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The Hank Jones Trio (1955/56)

Savoy's "house rhythm section" of the mid-fifties

"Long regarded as one of the jazz world's most unsung heroes, Hank Jones's tasty fireworks and subtle improvisation finally started getting the recognition they deserved in the mid-fifties. In fact, from 1953 practically every album released by Savoy in that era included Hank Jones on piano. Less than two years later he joined forces with the dependable bassist Wendell Marshall and the always-swinging drummer Kenny Clarke and found his ideal trio. As he put it, a good rhythm section must have the ability to think together as a unit, to all have the same type of drive. After they had worked as a unit on several recording dates for Savoy, critics and jazz fans acclaimed THE TRIO (as they were called) as [one of] the most outstanding rhythm sections of their time." - Jordi Pujol, Fresh Sound Records


"I thought that time in the fifties when myself, Wendell Marshall and Kenny Clarke were the house rhythm section for the Savoy label was a very productive period. You certainly had a lot of freedom, solo–wise. We made records with Frank Wess, Frank Foster, Milt Jackson, Cannonball and Nat Adderley. Ozzie Cadena was the producer of many of those dates: he was a real jazz fan. In fact, he used to write some of the liner notes on the album covers. So we had a lot of fun there." - Hank Jones (interviewed 1974, National Jazz Archive UK)


This "house rhythm section" performed on over twenty record dates for Savoy, mainly during 1955, with bassists Eddie Jones or Paul Chambers replacing Marshall on some sessions. This entry highlights the four albums from this period featuring Hank Jones as leader, as well as two notable recordings the trio made with Ernie Wilkins (Top Brass, octet with five trumpets) and trumpeter Joe Wilder (Wilder 'n' Wilder), a follow-up to Wilder's guest slot with the trio on its Bluebird album.


LISTEN: FULL ALBUMS PLAYLIST (YouTube)

The Trio (The Jazz Trio Of Hank Jones)

Van Gelder Studio, Hackensack, NJ, August 4, 1955

Hank Jones, piano; Wendell Marshall, bass; Kenny Clarke, drums.

Tracks: We're All Together, Odd Number, When Hearts Are Young, There's A Small Hotel, Cyrano, Now's The Time, My Funny Valentine, We Could Make Such Beautiful Music Together

"This is a superb Hank Jones date; highly recommended for fans of piano trio music. In 1955, most jazz pianists were immersed in the school of Bud Powell. Jones is unique in that he developed his harmonic concept prior to Powell's ascendancy and the bebop revolution, but went on to fully assimilate the melodic vocabulary of bop. He has synthesized important elements from many great players into his own recognizable style. His versatility is evident on these eight selections. Jones plays swinging bop lines on his original We're All Together and his blues head, Odd Number, displays the Powell influence most clearly. Upon hearing the delicate touch and harmonic subtlety with which Jones plays ballads -- including We Could Make Such Beautiful Music Together, Cyrano, There's a Small Hotel, and My Funny Valentine -- one can imagine that a young Bill Evans was quite familiar with this recording. Jones's mastery of block chords is particularly impressive. Occasionally reissued under drummer Kenny Clarke's name, this important Savoy session also includes bassist Wendell Marshall, who had spent the previous seven years with Duke Ellington's band." - Lee Bloom, AllMusic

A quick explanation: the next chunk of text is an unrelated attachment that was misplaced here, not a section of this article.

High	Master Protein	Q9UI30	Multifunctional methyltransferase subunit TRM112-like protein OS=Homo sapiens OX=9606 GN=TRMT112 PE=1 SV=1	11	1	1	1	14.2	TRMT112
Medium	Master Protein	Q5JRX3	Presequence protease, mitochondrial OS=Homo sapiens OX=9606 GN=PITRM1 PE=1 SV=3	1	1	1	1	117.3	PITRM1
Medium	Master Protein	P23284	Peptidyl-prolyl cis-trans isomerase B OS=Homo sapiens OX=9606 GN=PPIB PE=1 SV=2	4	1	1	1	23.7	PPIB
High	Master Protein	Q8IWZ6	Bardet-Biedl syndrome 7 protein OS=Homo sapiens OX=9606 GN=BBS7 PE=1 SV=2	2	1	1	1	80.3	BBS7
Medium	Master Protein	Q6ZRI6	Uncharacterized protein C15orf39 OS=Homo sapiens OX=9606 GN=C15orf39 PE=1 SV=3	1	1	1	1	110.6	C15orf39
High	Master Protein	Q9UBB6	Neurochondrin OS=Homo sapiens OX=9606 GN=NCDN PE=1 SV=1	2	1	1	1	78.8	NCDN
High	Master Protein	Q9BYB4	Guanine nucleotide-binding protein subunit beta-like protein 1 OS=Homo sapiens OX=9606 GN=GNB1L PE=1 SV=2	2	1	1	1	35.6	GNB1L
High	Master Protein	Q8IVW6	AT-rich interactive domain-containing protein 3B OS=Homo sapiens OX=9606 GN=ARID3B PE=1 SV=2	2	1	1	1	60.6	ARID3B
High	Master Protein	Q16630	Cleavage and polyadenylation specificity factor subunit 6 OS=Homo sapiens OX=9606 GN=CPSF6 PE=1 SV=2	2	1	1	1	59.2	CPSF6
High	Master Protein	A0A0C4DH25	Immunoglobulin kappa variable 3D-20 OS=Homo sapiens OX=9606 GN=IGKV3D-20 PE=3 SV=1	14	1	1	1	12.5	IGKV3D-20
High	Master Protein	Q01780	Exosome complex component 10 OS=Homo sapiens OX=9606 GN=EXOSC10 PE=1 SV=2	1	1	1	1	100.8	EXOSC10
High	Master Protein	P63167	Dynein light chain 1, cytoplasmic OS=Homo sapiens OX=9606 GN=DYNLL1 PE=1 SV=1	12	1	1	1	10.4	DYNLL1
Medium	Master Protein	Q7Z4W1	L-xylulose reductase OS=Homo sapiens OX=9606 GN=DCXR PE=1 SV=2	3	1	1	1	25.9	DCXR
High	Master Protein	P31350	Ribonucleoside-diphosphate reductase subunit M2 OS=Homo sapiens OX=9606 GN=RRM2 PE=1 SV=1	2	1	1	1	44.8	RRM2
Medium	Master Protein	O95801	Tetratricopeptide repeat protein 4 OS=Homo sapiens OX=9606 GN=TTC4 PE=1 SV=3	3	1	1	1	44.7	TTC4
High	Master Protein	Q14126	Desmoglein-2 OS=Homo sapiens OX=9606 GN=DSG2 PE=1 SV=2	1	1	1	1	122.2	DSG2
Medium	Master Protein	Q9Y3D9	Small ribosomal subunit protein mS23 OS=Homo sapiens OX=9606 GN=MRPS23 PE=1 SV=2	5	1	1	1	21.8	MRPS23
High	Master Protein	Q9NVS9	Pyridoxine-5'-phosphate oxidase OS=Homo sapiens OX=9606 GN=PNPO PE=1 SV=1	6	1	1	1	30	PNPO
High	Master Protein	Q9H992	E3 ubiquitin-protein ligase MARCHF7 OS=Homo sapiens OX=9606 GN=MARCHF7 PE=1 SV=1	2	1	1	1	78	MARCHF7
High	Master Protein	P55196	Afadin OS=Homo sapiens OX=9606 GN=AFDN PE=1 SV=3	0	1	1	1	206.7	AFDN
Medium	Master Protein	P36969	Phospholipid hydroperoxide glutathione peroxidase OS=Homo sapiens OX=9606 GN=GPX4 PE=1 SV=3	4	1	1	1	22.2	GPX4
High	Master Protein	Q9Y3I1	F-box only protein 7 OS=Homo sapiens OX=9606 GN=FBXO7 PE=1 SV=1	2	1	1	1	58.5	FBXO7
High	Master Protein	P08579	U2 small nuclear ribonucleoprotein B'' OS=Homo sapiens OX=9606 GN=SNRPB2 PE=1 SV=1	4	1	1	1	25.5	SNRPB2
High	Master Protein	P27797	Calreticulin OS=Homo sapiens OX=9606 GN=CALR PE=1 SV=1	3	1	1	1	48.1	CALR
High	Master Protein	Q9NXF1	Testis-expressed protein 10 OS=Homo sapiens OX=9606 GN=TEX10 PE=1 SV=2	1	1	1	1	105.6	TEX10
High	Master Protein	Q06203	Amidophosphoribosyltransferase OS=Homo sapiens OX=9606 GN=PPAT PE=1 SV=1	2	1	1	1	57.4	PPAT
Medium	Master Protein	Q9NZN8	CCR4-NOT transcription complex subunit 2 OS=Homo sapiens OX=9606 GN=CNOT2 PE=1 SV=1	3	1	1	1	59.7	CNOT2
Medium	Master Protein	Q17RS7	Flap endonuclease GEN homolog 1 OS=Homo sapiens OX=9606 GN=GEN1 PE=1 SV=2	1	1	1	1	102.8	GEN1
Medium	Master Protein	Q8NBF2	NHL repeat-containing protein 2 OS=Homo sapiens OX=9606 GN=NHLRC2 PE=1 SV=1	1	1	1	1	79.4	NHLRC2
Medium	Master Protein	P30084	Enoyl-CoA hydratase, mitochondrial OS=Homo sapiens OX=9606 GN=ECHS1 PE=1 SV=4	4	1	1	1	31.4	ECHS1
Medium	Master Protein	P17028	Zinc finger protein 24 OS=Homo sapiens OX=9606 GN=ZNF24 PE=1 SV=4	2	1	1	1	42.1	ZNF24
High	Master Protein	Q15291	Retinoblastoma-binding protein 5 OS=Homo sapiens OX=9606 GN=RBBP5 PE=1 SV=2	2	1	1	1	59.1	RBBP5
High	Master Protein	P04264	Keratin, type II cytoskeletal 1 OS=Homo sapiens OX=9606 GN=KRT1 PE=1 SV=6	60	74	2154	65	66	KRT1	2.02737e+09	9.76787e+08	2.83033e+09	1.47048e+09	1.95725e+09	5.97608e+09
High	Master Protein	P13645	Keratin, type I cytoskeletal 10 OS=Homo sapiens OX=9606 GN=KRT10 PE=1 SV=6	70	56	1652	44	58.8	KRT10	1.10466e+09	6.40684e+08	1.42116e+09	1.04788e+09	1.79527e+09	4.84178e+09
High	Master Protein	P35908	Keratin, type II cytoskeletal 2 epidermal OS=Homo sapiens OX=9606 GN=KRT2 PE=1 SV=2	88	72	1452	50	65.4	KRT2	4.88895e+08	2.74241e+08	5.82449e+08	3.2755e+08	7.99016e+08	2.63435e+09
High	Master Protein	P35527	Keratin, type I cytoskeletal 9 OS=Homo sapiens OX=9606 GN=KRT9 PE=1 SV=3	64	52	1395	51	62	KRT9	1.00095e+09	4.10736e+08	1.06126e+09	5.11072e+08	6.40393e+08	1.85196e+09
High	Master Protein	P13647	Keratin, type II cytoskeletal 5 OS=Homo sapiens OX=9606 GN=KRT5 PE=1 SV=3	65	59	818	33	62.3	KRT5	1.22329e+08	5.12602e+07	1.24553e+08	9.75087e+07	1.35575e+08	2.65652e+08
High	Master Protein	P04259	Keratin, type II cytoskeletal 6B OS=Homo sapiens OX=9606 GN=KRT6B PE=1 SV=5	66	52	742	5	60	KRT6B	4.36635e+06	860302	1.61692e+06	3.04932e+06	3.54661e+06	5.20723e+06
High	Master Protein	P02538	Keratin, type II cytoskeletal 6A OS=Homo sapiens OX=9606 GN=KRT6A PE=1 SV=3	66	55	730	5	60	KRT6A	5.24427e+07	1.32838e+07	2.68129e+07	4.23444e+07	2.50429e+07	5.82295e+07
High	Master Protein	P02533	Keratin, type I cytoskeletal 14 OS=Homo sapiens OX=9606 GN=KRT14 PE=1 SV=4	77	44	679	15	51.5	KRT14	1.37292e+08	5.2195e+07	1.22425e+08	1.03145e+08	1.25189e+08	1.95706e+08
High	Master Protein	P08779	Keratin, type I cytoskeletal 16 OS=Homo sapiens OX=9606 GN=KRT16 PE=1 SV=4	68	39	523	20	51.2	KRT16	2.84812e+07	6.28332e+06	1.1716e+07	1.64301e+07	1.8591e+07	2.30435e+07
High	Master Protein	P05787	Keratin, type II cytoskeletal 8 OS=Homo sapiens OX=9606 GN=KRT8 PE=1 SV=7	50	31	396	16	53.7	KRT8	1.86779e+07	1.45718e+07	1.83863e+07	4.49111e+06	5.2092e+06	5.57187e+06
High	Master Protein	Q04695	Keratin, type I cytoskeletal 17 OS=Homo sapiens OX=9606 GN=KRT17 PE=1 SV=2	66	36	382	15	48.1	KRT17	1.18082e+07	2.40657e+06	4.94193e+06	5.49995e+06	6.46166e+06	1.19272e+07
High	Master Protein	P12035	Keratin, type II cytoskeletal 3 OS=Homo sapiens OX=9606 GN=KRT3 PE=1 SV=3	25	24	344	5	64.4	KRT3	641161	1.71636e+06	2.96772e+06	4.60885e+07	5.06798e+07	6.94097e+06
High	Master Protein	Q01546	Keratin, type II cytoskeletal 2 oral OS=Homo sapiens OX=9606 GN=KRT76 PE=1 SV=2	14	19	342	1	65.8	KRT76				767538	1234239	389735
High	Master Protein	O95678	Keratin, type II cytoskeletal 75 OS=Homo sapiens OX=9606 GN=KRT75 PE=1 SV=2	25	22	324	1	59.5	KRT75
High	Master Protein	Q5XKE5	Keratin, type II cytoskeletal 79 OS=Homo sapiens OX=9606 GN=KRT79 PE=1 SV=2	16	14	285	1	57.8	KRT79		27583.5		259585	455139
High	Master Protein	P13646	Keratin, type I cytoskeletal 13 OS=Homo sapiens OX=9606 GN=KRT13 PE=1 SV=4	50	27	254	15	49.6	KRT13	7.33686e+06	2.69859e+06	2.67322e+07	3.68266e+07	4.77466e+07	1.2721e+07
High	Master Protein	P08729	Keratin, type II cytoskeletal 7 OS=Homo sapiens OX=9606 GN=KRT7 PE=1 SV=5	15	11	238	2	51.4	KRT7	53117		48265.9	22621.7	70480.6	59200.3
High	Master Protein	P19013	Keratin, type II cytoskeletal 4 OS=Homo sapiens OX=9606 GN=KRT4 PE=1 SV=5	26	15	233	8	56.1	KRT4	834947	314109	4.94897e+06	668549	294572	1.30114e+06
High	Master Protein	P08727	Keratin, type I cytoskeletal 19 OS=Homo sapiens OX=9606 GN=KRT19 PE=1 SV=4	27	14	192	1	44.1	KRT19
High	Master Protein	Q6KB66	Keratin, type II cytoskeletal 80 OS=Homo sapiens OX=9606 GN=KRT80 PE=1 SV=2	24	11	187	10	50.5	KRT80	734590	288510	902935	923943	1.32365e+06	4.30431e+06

"Hank Jones’s The Trio is one of the to-go-to albums as far as piano trio jazz from the 50s is concerned. The first major step of Jones as a piano trio player started, recording-wise, with The Trio in 1955. Jones is assisted by bassist Wendell Marshall and drummer Kenny Clarke, who is responsible for making it, in the words of Dutch master drummer Eric Ineke, ‘one of the greatest brush records ever.’ The Trio is a record of sublime interaction and solo spots are not reserved strictly to the leader. There is a lot of room for Marshall and Clarke, whose precision and drive with the brushes as an accompanist are remarkable. His solo’s are textbook examples of meaningful simplicity. Jones shares with the giants of jazz piano – Teddy Wilson, Earl Hines, Nat Cole – a synchronicity of harmony and melody that is impeccable, to the point where one begins to feel weightless, drifting within a cloud dreamily and fulfilled. Among other things, Jones is elegant and an expert of the arc, essential feat for meaningful storytelling. These qualities run through the bebop of We’re All Together, Charlie Parker’s blues Now The Time and the jaunty Cyrano, credited, very likely unjustly, to producer Ozzie Cadena. They pervade the wonderful ballads We Could Make So Much Good Music Together and My Funny Valentine, the latter a cushion-soft gem. You gotta love Odd Number, which unusual meter and playful melody make your ears perk up, an element that is reminiscent of some of Horace Silver’s refreshing and smart early career tunes, like Horace-Scope. Hank Jones was no ‘odd number’, but graceful and composed to the core, and to the end." - François van de Linde, Flophouse Magazine, December 2020

Hank Jones Quartet-Quintet (with Donald Byrd)

Van Gelder Studio, Hackensack, NJ, November 1, 1955

Hank Jones, piano; Eddie Jones, bass; Kenny Clarke, drums, with:

Donald Byrd, trumpet; Matty Dice, trumpet (#3,5).

Tracks: Summer's Gone, Don't Blame Me, An Evening At Papa Joe's, Almost Like Being In Love, And Then Some

"One of the finest talents in modern jazz, Hank Jones has long been recognised for his considerable contributions to the field. Here, he surrounded himself with some kindred spirits. On three tracks, he heads a quartet with Donald Byrd, Eddie Jones and Kenny Clarke. On another three, the then-new trumpeter Matty Dice was added to the combo. The rhythm section is excellent all the way, with Jones, as usual, unhurried and thoroughly tasteful; on the ballads he evokes more reflective beauty of conception than almost any other of his contemporary pianists. Bassist Jones of the Basie band is also heard in a few full-toned solos, and Clarke holds a pulsating, steady line that could let a soloist walk on the water. Byrd is here at his best on all tracks; his tone, phrasing, and ideas are remarkable, and his performance on the two ballads is superb." - Jordi Pujol, Fresh Sound Records